“I would have girls regard themselves not as adjectives but as nouns.”
848: Elizabeth Cady Stanton
Social Reformer and Leading Figure in the Women’s Suffrage Movement in the United States
Born: 12 November 1815, Johnstown, New York, United States of America
Died: 26 October 1902, New York City, New York, United States of America
Elizabeth did attend school and was well educated there but she also learned extensive legal knowledge from her father who went on to serve as a judge on the New York Supreme Court. He was also a slave owner.
Elizabeth started as an abolitionist alongside her husband. When they met, Henry was a member of the American Anti-Slavery Society; which included such esteemed members as William Lloyd Garrison and Frederick Douglass. Elizabeth fell hard for Henry, but in what can only be described as a perfect prelude to her future, Elizabeth insisted the word “obey” be removed from her vows. Her parents were obviously not pleased by the match, and so also against social norms, Elizabeth married Henry against their wishes.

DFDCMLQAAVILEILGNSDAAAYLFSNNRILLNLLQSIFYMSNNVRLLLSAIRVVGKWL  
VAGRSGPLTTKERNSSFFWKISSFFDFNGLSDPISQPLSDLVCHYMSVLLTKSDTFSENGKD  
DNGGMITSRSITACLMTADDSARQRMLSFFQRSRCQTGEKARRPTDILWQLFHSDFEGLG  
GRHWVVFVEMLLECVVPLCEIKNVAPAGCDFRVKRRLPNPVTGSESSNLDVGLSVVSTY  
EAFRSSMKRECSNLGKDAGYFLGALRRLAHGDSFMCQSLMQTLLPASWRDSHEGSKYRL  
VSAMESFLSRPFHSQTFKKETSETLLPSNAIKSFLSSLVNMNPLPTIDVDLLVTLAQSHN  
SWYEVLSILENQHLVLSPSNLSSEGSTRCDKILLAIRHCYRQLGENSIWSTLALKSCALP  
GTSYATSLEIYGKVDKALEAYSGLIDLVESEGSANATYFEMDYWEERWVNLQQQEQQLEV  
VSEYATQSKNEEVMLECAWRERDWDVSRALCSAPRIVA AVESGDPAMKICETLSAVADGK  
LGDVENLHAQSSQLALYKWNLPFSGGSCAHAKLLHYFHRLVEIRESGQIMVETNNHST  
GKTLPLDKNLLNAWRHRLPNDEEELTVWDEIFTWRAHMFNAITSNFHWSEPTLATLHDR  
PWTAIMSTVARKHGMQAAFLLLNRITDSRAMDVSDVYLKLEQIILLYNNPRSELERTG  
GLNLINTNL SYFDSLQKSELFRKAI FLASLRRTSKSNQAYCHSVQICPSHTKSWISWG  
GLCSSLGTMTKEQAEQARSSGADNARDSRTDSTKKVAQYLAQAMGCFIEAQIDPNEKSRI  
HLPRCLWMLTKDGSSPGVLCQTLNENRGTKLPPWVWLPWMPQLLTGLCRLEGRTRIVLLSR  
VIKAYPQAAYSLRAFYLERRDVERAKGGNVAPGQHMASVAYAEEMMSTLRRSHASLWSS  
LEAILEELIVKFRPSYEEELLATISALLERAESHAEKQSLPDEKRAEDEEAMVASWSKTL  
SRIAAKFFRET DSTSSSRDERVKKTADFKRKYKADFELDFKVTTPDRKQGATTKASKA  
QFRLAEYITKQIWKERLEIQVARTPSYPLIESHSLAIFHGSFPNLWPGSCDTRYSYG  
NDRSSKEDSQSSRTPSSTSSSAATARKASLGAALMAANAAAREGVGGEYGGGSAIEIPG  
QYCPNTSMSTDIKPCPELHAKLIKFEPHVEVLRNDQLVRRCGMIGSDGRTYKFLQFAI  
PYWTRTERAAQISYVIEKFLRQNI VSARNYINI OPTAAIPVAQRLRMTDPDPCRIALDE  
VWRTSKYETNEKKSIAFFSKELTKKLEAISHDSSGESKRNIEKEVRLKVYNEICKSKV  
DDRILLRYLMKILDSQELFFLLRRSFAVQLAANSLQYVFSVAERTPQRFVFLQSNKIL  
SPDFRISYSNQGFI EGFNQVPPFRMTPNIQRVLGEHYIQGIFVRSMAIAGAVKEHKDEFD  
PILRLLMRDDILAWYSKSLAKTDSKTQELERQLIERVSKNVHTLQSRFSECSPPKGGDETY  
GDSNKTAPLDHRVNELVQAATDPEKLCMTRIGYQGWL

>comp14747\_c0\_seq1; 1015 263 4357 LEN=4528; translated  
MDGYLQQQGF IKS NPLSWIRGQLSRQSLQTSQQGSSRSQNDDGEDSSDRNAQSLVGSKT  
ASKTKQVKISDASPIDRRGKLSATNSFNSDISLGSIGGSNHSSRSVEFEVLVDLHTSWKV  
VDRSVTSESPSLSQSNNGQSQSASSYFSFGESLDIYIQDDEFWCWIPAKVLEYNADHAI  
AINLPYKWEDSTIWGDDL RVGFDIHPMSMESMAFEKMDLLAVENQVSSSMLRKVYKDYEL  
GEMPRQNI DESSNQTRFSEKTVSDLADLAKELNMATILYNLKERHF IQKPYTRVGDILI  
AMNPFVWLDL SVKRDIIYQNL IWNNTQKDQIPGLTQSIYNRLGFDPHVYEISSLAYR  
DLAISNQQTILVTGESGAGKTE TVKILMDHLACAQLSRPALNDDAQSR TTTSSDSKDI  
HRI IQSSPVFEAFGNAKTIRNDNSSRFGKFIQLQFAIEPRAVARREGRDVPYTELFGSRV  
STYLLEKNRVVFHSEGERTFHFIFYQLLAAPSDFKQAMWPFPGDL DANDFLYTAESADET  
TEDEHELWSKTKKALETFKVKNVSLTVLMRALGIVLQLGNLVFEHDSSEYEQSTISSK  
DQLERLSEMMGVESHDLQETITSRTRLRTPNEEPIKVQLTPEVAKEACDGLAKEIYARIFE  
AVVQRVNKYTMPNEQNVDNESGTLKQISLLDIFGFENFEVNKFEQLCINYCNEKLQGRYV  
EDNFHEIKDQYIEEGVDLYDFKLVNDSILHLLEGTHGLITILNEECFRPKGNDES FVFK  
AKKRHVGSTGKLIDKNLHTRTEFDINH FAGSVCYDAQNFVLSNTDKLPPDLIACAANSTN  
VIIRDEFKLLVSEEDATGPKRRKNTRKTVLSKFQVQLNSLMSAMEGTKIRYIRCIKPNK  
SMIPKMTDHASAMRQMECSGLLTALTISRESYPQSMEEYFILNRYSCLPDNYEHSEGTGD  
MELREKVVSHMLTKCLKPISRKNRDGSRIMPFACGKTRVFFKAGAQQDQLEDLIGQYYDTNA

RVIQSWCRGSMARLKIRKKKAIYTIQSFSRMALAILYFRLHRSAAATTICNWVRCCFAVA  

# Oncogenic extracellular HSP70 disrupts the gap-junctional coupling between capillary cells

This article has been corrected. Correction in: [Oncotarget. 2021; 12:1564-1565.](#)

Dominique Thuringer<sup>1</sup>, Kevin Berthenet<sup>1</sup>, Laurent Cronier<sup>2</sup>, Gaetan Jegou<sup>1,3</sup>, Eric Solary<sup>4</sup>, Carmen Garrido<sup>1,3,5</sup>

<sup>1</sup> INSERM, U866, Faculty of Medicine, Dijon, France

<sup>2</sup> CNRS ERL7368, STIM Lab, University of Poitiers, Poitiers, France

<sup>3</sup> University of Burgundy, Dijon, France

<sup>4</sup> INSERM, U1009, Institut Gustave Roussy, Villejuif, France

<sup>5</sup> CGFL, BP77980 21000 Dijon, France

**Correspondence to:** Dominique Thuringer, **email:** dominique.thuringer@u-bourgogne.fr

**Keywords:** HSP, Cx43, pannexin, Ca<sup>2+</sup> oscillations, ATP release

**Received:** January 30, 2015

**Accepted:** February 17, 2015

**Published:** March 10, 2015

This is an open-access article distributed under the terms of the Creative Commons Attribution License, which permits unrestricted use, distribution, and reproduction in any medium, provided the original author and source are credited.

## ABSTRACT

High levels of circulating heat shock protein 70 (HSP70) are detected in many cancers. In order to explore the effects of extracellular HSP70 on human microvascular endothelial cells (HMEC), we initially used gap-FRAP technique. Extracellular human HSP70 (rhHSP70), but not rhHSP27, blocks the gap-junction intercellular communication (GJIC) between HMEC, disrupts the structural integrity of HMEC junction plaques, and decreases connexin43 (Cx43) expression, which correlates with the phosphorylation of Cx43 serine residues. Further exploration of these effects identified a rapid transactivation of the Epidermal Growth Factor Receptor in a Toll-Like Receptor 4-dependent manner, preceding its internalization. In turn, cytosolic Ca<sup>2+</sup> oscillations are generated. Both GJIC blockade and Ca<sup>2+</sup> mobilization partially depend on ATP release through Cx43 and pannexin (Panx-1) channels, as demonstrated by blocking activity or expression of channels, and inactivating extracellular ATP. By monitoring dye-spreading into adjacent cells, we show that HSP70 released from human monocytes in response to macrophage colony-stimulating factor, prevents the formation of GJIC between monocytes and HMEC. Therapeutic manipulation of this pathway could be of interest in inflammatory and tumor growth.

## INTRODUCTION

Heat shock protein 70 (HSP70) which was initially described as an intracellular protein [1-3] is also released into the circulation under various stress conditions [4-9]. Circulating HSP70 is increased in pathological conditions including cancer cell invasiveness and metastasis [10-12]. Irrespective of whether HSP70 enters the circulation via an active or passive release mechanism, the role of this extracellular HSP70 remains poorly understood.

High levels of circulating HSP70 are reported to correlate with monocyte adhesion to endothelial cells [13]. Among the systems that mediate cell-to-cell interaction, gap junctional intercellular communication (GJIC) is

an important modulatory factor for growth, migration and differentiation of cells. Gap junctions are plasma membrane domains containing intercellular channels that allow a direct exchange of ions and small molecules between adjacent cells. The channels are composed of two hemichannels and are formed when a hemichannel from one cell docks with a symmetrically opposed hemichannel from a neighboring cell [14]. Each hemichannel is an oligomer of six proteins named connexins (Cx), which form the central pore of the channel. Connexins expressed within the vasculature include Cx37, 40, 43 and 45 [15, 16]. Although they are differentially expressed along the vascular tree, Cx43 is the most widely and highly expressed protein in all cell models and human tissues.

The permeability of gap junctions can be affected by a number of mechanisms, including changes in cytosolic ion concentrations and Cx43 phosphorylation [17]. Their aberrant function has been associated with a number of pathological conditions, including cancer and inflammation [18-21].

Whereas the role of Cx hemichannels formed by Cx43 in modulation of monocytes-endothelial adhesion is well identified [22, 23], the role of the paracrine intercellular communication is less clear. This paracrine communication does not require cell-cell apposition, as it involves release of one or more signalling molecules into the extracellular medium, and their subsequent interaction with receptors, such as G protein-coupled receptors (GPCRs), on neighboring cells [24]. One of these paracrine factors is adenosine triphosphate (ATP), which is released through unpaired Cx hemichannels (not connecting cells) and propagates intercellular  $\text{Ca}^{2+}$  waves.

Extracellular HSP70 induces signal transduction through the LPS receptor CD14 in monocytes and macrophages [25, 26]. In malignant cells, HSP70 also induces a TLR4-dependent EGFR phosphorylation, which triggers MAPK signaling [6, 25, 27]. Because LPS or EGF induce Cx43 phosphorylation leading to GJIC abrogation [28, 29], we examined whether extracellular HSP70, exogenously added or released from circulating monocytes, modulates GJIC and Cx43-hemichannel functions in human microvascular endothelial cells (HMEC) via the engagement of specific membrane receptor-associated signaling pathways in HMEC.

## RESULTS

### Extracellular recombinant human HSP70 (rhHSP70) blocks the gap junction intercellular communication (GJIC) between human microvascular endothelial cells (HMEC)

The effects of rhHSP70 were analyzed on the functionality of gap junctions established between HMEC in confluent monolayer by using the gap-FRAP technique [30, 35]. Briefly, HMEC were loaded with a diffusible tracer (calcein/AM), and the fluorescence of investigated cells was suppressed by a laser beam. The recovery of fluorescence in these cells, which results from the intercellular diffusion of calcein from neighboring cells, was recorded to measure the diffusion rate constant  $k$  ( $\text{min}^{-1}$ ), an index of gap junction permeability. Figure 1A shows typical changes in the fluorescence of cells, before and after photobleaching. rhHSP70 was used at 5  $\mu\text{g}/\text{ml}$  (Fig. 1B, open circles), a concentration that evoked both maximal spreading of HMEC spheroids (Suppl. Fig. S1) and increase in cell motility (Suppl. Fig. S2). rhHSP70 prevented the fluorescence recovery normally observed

Elizabeth’s abolitionist activism was the perfect transition to her women’s rights work; in which she eventually became instrumental in the gathering of the Seneca Falls Convention. This came about after Elizabeth met Lucretia Mott while attending an anti-slavery exhibition in London. Presented at the Seneca Falls Convention was Elizabeth’s immortal “Declaration of Sentiments”; an expansion to the Declaration of Independence which added the words “woman” and “women” throughout. The goal of Elizabeth’s declaration was to bring attention to the fight for women’s suffrage across the United States. The document outlined eighteen specific grievances women in the US had against the federal government and men in general. The grievances included everything from the right to vote, the right to attain a college education, the ability to earn wages and own property without a husband or father’s consent, being compelled to submit and be subject to laws passed without their consent, better rights for women in cases of divorce and child custody proceedings, allowing women more representation in church affairs, stopping women from being submissive and dominated by men, and even changing things so that women were no longer held to a different moral code than men.